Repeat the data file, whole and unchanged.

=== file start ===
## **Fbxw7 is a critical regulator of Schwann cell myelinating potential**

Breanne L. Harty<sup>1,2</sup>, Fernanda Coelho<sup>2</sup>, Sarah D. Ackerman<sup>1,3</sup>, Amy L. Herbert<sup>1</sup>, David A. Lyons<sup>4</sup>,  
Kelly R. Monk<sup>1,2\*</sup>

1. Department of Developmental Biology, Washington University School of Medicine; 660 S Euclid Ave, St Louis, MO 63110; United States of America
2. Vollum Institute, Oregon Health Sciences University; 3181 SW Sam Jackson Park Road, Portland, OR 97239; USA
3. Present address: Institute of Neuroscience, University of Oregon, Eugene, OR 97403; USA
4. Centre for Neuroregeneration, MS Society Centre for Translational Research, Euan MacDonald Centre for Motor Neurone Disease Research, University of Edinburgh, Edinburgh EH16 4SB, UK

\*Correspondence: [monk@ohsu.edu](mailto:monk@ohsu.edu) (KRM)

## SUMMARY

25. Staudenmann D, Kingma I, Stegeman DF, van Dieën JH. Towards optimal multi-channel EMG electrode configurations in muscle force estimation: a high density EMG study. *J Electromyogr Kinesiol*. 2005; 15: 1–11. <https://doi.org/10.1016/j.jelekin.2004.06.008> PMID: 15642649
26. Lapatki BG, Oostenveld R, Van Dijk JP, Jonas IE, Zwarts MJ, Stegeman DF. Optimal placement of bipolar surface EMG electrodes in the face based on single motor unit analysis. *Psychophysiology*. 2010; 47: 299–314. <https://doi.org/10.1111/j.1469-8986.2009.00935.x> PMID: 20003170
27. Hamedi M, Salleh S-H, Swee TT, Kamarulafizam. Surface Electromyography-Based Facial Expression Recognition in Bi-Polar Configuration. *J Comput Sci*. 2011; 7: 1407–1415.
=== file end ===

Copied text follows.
## **Fbxw7 is a critical regulator of Schwann cell myelinating potential**

Breanne L. Harty<sup>1,2</sup>, Fernanda Coelho<sup>2</sup>, Sarah D. Ackerman<sup>1,3</sup>, Amy L. Herbert<sup>1</sup>, David A. Lyons<sup>4</sup>,  
Kelly R. Monk<sup>1,2\*</sup>

1. Department of Developmental Biology, Washington University School of Medicine; 660 S Euclid Ave, St Louis, MO 63110; United States of America
2. Vollum Institute, Oregon Health Sciences University; 3181 SW Sam Jackson Park Road, Portland, OR 97239; USA
3. Present address: Institute of Neuroscience, University of Oregon, Eugene, OR 97403; USA
4. Centre for Neuroregeneration, MS Society Centre for Translational Research, Euan MacDonald Centre for Motor Neurone Disease Research, University of Edinburgh, Edinburgh EH16 4SB, UK

\*Correspondence: [monk@ohsu.edu](mailto:monk@ohsu.edu) (KRM)

## SUMMARY

25. Staudenmann D, Kingma I, Stegeman DF, van Dieën JH. Towards optimal multi-channel EMG electrode configurations in muscle force estimation: a high density EMG study. *J Electromyogr Kinesiol*. 2005; 15: 1–11. <https://doi.org/10.1016/j.jelekin.2004.06.008> PMID: 15642649
26. Lapatki BG, Oostenveld R, Van Dijk JP, Jonas IE, Zwarts MJ, Stegeman DF. Optimal placement of bipolar surface EMG electrodes in the face based on single motor unit analysis. *Psychophysiology*. 2010; 47: 299–314. <https://doi.org/10.1111/j.1469-8986.2009.00935.x> PMID: 20003170
27. Hamedi M, Salleh S-H, Swee TT, Kamarulafizam. Surface Electromyography-Based Facial Expression Recognition in Bi-Polar Configuration. *J Comput Sci*. 2011; 7: 1407–1415.